The Irvings eventually returned all $765,000 to McGraw-Hill. In an odd twist, the IRS went after Mr. Irving for his non-payment of income tax on that money, and after his release from prison he declared bankruptcy.

At the time the Autobiography of Howard Hughes was described as “the most famous unpublished book of the 20th century.” The irony is it was the most well-researched written account of his life up to that point. Hughes died in 1976.

The idea for the Hughes autobiography came from Mr. Irvings research for the authorized biography of master forger Elmyr de Hory that he wrote, and which was published in 1969: Fake! The story of Elmyr de Hory: the greatest art forger of our time. In 2004 I wrote an article based on Fake! titled, Elmyr de Hory and the loss of privacy and liberty since the mid-20th Century. That article can be read online at,

Mr. Irvings’ first-person account of the Hughes “autobiography” was published in 1972 under the title: Clifford Irving: What Really Happened (His Untold Story of the Hughes Affair). It was reissued in 1981 under the title The Hoax.

A movie version of The Hoax was produced that starred Richard Gere as Clifford Irving. Although the 2007 movie was well-liked by critics — 85% positive reviews on — it was a financially unsuccessful, only selling about $7 million in tickets. Irving was hired as a consultant, but he was so disappointed with the final script that he requested his name be removed from the credits.

During a 2007 interview Mr. Irving described the writing and selling of the Hughes autobiography as an “adventure,” and at the time he didn’t think of it as a crime. “We thought it was just a hoax. They can’t put you in jail for a hoax! Especially if you still have the money to give back, as we did. It just seemed like such an elegant act. And also an act from which I thought I could withdraw at any time I wanted.” He admitted the idea he could backtrack was “the great fallacy” of the adventure, and he paid for his naïveté with prison and bankruptcy.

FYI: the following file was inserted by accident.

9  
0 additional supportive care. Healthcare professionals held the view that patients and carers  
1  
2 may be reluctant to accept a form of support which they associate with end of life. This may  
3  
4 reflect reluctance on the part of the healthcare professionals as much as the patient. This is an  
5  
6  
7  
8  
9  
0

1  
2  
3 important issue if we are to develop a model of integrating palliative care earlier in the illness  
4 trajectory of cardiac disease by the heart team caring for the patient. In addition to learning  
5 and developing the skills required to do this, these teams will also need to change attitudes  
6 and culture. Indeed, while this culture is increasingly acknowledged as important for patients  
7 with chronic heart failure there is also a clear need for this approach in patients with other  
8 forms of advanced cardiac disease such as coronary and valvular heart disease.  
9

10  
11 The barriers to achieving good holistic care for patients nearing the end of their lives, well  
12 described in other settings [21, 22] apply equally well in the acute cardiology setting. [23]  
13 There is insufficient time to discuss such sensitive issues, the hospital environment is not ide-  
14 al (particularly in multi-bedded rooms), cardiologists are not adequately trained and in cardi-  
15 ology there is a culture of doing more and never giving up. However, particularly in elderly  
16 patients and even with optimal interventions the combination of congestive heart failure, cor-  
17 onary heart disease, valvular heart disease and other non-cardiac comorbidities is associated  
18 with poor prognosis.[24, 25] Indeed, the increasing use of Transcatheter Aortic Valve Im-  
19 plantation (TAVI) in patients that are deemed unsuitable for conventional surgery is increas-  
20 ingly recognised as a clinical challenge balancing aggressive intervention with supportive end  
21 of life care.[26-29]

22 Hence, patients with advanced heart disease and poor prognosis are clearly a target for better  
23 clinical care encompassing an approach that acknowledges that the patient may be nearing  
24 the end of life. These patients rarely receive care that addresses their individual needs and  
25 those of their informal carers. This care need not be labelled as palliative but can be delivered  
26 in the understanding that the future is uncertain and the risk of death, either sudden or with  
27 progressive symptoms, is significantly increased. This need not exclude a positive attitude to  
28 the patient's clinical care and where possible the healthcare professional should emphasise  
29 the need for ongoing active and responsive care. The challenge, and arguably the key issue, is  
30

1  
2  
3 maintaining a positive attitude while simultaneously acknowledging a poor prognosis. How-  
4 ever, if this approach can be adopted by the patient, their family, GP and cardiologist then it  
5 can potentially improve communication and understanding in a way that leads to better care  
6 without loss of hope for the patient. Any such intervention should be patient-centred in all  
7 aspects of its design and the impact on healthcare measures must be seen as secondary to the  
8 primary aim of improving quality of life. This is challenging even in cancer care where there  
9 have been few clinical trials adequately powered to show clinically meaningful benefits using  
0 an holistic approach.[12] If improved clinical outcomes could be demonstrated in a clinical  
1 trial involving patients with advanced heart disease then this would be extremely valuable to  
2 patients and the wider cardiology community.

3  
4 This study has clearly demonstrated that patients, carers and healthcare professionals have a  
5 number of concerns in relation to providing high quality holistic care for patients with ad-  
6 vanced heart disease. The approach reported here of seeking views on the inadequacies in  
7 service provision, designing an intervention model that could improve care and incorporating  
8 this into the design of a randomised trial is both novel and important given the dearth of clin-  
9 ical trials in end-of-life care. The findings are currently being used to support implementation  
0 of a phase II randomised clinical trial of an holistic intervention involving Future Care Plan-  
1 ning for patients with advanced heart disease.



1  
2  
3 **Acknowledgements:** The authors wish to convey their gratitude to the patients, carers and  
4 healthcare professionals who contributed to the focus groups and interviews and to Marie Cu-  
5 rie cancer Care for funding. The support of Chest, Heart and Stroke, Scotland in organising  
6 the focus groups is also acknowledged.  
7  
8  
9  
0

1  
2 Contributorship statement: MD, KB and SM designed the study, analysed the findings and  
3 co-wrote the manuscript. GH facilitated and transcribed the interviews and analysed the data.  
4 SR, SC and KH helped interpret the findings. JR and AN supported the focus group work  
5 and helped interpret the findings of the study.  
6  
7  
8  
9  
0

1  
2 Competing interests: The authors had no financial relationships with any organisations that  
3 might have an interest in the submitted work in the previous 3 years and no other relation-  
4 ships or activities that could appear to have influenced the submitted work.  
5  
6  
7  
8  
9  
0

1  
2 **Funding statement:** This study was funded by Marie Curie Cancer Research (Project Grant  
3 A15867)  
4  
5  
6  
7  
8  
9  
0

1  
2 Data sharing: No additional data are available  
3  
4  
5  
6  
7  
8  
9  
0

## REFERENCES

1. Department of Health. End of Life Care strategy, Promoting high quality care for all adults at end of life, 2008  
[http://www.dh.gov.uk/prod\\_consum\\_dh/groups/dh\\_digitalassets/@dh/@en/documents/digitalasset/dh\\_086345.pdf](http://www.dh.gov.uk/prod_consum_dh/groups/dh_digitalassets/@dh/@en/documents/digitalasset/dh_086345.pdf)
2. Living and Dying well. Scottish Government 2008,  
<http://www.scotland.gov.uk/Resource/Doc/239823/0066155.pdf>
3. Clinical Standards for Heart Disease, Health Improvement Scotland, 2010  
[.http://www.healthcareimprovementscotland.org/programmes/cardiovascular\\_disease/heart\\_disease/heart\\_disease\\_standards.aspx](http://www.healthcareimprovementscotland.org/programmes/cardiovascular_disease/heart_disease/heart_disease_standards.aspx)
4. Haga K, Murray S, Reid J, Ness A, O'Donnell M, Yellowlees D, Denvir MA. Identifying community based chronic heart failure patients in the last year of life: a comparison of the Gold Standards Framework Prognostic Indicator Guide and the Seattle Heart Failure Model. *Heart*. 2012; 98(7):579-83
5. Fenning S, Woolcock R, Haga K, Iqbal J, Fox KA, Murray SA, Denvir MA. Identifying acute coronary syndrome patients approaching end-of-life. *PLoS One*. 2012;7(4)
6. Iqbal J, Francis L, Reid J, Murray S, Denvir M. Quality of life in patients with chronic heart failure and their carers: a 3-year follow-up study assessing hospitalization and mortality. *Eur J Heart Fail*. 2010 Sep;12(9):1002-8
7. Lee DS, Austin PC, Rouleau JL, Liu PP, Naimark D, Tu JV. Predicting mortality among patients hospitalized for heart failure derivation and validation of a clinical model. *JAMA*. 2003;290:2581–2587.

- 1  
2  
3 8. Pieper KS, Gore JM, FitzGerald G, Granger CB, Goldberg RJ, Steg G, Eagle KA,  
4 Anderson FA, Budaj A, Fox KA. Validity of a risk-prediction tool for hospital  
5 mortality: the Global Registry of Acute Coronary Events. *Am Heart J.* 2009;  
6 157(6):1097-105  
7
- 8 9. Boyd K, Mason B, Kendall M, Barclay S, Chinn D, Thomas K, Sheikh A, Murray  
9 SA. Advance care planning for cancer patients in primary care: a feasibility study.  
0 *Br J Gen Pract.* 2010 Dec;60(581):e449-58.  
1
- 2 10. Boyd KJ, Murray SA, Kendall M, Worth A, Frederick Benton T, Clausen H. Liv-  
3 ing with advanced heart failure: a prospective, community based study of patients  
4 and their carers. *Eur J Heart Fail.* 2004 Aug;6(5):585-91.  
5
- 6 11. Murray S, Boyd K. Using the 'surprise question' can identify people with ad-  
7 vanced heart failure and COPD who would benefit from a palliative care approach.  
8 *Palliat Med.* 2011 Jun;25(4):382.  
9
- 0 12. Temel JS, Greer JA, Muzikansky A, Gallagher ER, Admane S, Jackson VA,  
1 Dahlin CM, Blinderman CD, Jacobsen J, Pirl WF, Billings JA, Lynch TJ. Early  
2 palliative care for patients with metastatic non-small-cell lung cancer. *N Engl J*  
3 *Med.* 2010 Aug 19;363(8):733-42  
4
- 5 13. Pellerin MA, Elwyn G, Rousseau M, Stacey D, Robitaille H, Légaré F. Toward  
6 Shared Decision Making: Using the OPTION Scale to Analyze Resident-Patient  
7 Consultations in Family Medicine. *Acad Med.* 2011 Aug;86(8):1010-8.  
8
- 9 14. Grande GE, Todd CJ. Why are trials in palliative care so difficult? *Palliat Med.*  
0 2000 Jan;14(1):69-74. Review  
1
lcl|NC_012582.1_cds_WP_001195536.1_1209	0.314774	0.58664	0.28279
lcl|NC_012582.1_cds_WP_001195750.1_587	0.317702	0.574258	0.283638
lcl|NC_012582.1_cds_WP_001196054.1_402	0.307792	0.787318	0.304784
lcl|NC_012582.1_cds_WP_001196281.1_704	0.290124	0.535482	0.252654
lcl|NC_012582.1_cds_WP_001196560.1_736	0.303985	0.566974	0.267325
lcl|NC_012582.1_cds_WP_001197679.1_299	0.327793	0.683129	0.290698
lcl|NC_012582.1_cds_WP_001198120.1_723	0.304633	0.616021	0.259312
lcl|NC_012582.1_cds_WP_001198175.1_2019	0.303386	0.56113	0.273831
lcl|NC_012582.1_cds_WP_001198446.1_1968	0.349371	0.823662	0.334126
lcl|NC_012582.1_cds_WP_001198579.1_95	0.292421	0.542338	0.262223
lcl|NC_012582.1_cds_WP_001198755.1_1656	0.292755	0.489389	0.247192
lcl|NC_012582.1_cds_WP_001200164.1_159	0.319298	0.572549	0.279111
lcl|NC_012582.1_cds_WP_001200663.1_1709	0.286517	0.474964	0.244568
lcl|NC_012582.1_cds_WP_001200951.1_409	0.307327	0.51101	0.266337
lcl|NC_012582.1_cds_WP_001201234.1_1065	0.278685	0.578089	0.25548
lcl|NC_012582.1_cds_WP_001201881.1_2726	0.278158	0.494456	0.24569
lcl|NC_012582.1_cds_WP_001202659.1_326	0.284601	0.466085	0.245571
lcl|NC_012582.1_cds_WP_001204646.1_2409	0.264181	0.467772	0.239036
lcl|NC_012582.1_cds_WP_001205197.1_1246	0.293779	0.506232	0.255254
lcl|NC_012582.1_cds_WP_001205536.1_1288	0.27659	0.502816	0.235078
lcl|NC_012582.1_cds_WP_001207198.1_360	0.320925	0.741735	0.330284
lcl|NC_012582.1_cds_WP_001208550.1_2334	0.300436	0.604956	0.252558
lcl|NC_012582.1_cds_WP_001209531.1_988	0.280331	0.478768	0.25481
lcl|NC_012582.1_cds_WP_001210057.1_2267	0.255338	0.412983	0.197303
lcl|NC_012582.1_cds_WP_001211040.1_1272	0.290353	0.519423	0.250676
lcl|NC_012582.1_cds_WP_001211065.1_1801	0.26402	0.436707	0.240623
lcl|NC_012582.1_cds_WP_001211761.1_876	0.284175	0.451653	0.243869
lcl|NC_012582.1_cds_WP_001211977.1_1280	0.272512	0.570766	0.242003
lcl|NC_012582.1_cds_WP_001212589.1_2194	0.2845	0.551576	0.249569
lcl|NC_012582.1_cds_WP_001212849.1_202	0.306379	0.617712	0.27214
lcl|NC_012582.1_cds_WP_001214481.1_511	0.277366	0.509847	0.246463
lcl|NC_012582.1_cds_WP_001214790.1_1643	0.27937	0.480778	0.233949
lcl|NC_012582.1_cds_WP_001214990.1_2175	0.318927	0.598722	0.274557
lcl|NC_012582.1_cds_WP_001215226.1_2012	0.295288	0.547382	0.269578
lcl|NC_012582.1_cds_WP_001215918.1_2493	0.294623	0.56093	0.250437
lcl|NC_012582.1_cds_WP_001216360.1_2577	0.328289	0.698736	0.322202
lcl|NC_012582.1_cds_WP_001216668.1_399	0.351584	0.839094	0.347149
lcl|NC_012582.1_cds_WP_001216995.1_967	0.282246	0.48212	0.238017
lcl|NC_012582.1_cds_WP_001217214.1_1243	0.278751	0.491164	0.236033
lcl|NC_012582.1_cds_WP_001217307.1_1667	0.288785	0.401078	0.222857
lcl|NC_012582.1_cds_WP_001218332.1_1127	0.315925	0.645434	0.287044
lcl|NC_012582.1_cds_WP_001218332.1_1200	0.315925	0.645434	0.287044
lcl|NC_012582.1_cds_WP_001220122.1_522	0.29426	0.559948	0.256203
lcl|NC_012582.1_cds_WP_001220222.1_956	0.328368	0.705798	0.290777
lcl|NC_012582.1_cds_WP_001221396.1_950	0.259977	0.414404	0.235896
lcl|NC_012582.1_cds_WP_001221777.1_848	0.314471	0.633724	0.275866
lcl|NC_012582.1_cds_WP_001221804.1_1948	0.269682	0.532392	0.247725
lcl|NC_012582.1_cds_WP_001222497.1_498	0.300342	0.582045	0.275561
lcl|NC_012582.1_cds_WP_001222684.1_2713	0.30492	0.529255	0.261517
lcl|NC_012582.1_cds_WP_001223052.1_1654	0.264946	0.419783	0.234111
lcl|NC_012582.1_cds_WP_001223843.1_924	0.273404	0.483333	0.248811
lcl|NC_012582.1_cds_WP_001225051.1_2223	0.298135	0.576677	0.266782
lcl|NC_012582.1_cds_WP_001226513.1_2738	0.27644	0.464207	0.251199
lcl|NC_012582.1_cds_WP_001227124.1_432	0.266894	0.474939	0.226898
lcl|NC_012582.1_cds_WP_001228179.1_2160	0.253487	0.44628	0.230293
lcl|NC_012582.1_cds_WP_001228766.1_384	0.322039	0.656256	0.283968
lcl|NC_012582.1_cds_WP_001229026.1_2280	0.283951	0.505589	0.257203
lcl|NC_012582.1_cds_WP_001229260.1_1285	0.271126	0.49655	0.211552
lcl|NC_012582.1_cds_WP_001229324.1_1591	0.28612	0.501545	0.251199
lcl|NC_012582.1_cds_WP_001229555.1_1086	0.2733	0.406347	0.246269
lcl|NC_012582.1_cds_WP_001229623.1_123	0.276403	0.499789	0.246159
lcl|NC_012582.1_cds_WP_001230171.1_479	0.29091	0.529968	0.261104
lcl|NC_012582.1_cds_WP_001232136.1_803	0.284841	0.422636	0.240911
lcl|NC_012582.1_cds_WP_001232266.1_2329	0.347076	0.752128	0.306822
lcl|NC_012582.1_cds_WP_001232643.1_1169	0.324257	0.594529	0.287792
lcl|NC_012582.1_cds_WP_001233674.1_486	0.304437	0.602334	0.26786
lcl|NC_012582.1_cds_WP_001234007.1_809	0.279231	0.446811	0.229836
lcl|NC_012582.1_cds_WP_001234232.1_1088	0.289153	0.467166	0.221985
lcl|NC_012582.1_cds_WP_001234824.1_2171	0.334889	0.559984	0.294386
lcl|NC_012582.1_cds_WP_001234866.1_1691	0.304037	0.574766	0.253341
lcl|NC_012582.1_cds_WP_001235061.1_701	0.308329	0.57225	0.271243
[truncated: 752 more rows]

Mr. Irving’s 12th book was published in 1982: Tom Mix and Pancho Villa: A Romance of the Mexican Revolution.

This Memoriam is solely due to my special affection for Tom Mix and Pancho Villa. The following is my review of Tom Mix and Pancho Villa on

“One of the great novels of the 20th century. Romance. Action. Drama. Clifford Irving’s magnum opus.”

Clifford Irving wrote more commercially successful books, but none had the heart, soul, and grandeur of Tom Mix and Pancho Villa. Mr. Irving also thought it was his greatest writing achievement. The Biography section for his books on states:

“My epic novel, “Tom Mix and Pancho Villa,” received 5-star media reviews that any writer would envy. But it sells few copies and aficionados are an exclusive club. Nevertheless, I’d be proud if on my gravestone these words were carved: “Author of TOM MIX & PANCHO VILLA.””

Tom Mix and Pancho Villa by Clifford Irving (cover)

Tom Mix and Pancho Villa by Clifford Irving (cover)

I did not read a single obituary for Mr. Irving that mentioned his beloved Tom Mix and Pancho Villa, that he wanted to be recognized on his gravestone for writing. Mr. Irving’s requested gravestone inscription is the subtitle for this Memoriam.

Beginning about 2012 Mr. Clifford formatted many of his books for the Kindle (Amazon) and Nook (Barnes & Noble). He also set-up a website,

Mr. Irving, was born in New York City in 1930. He lived in many places, but later in life he settled in Florida. He was active up to early December 2017, when he was diagnosed with pancreatic cancer. His prognosis was grave, and about a week later he died on the 19th in a hospice near his home in Sarasota, Florida.

He is survived by his two sons Ned Irving and Barnaby Irving, and his wife, Julie Irving.

To honor Clifford Irving’s imaginative writing genius that has brought joy to so many people, and will continue to do so although he is no longer with us, I created and sponsored his Memorial on

Twenty-four of Mr. Irving’s books are for sale on, with most available in a Kindle Edition.

Click here for the Amazon’s page for “Final Argument.

Click here for Amazon’s page for “The Hoax.

Click here for Amazon’s page for “Tom Mix and Pancho Villa.

December 27, 2017
By Hans Sherrer
Justice Denied